tag. When you enter the following code as your name:

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<script>alert(&#8216;attacked&#8217;)</script>  

and click submit, an alert windows will be displayed.

The injected code got executed causing Cross Site Scripting

The injected code got executed

When you click on OK, the text will be rendered into the safe output line and nothing will be displayed in the unsafe output line because the browser interprets the Javascript.

The Javascript is displayed as text in the safe output line, no Cross Site Scripting possible

The Javascript is displayed as text in the safe output line

Preventing XSS Attacks in Query Parameters

Another way to inject code is through query parameters. If your application ready query parameters but doesn’t sanitize them, Javascript in it will be executed. The following code contains two forms. When you click on the button a query parameter will be read and printed to an alert box.

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@using System.Text.Encodings.Web

@model Customer
@inject JavaScriptEncoder JavaScriptEncoder

<h2>Unsafe Javascript</h2>
<form asp-action="JavascriptAttack">
    @Html.HiddenFor(m => m.UserId)
    <div class="form-group">
        <label for="userName">Please enter your user id</label>
        <input type="text" class="form-control" id="userName" name="userName" value="User">
    </div>
    <button type="submit" class="mt-md-1 btn btn-primary" onclick="alert('Saving user name for account with id: @Context.Request.Query["userId"]');">Submit</button>
</form>
<br />
<h2>Safe Javascript</h2>
<form asp-action="JavascriptAttack">
    @Html.HiddenFor(m => m.UserId)
    <div class="form-group">
        <label for="userName2">Please enter your user id</label>
        <input type="text" class="form-control" id="userName2" name="userName2" value="User">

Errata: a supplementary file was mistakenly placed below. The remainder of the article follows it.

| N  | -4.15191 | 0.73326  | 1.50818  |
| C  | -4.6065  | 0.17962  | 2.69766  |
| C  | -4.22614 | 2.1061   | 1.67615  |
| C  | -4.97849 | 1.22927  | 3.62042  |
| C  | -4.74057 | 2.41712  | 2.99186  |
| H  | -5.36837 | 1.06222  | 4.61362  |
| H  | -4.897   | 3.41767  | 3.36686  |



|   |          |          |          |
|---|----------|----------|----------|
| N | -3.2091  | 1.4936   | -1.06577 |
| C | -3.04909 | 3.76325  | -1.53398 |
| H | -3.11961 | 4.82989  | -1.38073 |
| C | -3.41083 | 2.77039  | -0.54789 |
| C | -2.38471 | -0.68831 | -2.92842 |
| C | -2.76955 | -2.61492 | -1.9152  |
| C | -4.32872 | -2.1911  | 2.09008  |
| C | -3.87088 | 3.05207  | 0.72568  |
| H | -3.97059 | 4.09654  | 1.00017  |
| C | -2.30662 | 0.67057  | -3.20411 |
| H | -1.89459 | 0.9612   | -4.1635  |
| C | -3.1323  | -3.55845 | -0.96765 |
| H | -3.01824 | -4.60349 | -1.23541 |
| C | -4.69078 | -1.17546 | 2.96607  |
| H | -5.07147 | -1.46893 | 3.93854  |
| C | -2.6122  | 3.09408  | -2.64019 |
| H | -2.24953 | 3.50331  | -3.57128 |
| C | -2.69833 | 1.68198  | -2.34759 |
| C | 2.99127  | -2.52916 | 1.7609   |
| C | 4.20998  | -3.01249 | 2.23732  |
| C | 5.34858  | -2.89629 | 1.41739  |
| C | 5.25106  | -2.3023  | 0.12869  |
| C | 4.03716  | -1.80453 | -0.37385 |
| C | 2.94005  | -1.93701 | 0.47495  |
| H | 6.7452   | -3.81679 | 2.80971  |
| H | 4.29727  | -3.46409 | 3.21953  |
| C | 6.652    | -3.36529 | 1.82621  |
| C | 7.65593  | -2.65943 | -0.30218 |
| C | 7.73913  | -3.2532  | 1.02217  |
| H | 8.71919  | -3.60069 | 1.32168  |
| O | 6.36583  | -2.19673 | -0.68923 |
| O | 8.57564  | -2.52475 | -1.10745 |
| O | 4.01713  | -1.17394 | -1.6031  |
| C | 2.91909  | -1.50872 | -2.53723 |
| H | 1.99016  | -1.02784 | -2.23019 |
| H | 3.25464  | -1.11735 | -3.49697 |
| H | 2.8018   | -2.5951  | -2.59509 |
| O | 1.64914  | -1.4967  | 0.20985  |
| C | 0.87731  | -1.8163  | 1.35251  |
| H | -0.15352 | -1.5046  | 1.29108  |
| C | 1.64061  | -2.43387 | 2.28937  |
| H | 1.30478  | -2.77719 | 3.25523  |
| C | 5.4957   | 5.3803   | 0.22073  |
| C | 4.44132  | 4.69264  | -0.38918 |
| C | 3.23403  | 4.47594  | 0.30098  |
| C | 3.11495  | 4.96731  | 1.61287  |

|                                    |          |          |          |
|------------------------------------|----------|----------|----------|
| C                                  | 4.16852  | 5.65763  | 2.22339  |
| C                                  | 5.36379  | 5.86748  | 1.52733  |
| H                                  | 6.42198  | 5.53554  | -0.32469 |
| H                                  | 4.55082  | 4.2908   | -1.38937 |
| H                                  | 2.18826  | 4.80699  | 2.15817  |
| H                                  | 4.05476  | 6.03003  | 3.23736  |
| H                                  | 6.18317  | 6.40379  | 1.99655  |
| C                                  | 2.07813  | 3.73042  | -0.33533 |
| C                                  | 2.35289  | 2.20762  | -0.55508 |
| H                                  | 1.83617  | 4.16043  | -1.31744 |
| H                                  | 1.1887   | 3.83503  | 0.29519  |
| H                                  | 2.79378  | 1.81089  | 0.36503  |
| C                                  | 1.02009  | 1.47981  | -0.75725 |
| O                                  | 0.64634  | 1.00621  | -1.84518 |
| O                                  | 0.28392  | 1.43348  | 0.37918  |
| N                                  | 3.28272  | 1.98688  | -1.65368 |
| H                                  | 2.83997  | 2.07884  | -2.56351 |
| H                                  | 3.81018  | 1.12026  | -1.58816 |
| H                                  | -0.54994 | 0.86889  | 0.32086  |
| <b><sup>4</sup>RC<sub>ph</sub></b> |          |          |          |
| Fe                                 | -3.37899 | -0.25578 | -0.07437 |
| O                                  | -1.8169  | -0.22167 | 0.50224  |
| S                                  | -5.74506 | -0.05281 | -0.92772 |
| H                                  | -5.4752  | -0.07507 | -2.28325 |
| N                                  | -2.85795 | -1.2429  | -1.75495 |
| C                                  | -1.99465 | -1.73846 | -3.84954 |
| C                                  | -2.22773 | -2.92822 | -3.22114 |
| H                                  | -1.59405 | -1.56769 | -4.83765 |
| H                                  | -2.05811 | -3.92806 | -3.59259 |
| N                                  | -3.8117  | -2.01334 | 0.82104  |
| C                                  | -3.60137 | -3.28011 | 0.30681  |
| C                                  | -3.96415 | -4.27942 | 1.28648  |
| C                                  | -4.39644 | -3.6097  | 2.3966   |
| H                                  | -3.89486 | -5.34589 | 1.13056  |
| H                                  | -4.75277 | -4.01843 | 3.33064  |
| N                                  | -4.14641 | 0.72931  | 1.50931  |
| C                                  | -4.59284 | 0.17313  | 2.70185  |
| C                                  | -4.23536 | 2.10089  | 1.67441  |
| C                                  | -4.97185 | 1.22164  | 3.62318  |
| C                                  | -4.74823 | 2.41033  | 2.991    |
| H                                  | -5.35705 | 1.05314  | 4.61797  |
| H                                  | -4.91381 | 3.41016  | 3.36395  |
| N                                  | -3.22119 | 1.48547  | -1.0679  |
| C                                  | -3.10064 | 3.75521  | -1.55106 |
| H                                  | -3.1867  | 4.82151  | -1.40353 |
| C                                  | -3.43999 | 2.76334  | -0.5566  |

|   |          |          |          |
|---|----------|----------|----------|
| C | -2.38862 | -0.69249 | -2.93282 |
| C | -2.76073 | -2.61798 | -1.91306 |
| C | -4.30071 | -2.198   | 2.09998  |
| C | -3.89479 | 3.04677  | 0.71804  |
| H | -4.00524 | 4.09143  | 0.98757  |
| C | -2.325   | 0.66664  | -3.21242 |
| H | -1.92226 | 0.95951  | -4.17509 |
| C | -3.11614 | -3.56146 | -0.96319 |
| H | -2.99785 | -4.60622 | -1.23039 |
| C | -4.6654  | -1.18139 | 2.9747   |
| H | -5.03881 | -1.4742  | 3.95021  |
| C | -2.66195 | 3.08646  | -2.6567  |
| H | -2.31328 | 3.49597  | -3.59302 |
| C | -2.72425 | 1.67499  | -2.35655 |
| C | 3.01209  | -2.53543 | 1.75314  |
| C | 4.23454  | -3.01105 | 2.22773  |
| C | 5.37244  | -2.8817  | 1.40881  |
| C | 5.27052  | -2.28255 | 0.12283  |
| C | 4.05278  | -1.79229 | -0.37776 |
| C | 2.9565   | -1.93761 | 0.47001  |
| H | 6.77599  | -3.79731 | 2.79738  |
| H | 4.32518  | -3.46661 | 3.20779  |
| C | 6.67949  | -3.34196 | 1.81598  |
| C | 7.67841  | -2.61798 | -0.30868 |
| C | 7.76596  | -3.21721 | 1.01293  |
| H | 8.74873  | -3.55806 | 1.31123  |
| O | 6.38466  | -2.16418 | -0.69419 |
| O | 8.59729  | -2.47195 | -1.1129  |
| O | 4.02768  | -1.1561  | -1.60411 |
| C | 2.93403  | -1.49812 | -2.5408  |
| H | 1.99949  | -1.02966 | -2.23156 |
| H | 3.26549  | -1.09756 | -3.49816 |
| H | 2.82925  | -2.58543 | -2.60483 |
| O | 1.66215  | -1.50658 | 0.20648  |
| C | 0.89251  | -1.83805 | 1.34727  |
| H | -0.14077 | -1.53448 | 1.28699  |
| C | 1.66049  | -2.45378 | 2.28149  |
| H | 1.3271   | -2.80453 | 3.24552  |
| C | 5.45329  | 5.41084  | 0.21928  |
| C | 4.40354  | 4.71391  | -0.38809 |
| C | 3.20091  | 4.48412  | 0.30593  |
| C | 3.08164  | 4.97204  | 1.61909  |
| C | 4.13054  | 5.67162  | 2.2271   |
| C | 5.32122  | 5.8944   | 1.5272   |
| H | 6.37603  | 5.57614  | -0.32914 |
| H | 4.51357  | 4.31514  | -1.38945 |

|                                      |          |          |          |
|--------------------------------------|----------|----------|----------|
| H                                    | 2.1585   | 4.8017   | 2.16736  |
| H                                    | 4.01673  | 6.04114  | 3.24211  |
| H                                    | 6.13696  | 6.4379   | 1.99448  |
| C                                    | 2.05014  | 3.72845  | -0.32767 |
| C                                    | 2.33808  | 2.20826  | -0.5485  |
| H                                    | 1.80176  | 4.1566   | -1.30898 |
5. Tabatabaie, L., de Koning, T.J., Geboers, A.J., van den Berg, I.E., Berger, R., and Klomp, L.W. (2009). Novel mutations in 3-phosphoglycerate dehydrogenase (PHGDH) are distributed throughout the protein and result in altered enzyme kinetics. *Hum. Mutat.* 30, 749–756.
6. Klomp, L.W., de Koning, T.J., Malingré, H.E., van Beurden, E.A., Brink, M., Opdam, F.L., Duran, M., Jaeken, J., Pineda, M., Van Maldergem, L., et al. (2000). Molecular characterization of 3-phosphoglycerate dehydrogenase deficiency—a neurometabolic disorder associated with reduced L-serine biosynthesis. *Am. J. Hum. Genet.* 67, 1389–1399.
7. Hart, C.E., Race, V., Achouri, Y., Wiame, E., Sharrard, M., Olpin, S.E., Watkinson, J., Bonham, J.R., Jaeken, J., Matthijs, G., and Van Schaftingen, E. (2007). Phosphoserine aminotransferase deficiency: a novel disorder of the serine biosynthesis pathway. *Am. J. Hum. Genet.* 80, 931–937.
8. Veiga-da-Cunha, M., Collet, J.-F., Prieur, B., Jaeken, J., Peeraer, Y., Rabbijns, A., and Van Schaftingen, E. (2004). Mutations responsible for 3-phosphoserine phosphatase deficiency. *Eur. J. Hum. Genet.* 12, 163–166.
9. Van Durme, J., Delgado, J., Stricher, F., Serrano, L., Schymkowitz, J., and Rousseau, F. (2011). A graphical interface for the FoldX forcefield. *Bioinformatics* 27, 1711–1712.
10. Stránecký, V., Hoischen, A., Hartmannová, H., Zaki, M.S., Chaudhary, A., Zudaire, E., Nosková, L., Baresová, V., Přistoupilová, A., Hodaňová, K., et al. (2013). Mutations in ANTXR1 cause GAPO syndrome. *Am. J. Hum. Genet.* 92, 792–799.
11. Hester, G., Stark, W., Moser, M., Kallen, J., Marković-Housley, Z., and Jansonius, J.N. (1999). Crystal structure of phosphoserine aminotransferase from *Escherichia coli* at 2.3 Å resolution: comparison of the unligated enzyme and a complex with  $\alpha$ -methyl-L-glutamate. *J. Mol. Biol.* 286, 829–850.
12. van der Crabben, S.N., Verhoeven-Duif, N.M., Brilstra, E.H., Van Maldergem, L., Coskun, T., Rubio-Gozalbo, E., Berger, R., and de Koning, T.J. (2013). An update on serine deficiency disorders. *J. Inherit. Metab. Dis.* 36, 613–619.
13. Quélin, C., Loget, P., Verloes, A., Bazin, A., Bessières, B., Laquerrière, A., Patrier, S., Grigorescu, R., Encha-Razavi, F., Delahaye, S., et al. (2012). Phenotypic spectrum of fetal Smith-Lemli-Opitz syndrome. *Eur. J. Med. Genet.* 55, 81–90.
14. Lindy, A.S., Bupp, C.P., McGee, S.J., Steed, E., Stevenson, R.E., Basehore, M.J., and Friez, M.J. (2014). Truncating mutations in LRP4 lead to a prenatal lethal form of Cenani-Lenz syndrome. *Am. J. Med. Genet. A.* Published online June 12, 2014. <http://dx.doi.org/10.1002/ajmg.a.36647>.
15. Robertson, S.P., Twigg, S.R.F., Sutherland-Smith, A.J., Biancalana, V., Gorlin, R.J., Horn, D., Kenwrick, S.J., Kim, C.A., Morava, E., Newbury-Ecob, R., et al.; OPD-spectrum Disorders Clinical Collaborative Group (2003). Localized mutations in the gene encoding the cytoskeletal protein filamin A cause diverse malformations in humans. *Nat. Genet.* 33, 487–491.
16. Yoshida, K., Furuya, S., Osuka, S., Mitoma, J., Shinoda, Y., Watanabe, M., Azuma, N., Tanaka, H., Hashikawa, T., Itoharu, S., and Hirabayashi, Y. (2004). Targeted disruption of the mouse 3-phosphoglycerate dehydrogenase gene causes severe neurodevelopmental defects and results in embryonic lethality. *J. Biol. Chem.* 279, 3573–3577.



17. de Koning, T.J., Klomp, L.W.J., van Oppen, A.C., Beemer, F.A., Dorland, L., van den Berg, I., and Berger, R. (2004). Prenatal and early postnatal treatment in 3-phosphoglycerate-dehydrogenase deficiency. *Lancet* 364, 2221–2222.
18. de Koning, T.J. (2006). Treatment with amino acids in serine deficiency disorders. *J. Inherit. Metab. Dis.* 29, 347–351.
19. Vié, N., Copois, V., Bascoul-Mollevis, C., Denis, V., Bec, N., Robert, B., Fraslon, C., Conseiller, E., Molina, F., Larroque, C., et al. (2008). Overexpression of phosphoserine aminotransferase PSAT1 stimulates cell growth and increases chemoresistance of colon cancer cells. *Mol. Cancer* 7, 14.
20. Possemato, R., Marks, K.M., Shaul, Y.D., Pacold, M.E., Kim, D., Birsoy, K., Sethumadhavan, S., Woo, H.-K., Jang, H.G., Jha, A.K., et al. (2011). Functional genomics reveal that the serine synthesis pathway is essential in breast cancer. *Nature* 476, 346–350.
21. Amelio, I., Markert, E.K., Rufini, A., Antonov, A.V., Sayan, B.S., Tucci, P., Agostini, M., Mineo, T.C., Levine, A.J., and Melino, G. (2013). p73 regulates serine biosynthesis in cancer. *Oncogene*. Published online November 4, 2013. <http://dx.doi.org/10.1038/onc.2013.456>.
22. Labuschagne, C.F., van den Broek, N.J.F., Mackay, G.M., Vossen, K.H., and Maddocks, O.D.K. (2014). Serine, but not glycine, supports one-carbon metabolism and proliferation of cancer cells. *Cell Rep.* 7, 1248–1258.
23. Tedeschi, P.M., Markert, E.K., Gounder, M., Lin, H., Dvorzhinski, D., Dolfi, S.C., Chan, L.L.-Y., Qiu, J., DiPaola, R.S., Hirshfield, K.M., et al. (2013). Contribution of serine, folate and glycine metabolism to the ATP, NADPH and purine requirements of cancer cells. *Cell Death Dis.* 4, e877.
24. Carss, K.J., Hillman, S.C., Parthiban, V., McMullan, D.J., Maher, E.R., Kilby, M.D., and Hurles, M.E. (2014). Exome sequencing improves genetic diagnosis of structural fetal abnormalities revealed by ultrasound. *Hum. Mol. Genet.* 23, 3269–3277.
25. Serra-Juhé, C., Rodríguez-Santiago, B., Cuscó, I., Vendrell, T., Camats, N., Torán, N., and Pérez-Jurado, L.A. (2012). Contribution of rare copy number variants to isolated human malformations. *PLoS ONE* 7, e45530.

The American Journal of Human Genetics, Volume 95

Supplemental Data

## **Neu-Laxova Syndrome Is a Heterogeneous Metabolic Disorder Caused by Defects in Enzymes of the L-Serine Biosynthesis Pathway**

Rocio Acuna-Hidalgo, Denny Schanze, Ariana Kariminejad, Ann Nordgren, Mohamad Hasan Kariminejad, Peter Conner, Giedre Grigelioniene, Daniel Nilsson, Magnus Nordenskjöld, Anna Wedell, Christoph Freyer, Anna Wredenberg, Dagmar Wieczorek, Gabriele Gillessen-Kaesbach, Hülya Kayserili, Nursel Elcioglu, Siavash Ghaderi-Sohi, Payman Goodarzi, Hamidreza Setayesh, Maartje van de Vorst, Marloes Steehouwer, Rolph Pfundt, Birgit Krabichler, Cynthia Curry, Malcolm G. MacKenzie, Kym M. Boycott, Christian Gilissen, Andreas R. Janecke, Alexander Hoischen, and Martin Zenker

</div>
    <button type="submit" class="mt-md-1 btn btn-primary" onclick="alert('Saving user name for account with id: @JavaScriptEncoder.Encode(Context.Request.Query["UserId"])');">Submit</button>
</form>

The first submit button will execute Javascript whereas the second one uses the JavaScriptEncode to encode the text first. To simulate an attack replace the value of the UserId with the following code and click enter:

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%27);alert(&#8216;You got attacked&#8217;);//  

Click the submit button of the unsafe form and you will see two Javascript alerts. The first one saying “Saving user name for account with id: ” and then a second one saying “You got attacked”.

The Javascript got executed Cross Site Scripting

The Javascript got executed

When you click the submit button of the safe form, you will see the Javascript as text.

The Javascript is displayed as text and not executed and no Cross Site Scripting

The Javascript is displayed as text and not executed

In reality, an attacker wouldn’t display an alert box but try to access your cookies or redirect you to a malicious website.

Conclusion

This post showed what cross site scripting attacks are and how they can be executed. ASP .NET Core makes it very easy to prevent these attacks and to offer a great user experience to your users.

You can find the code for the demo on Github.

This post is licensed under CC BY 4.0 by the author.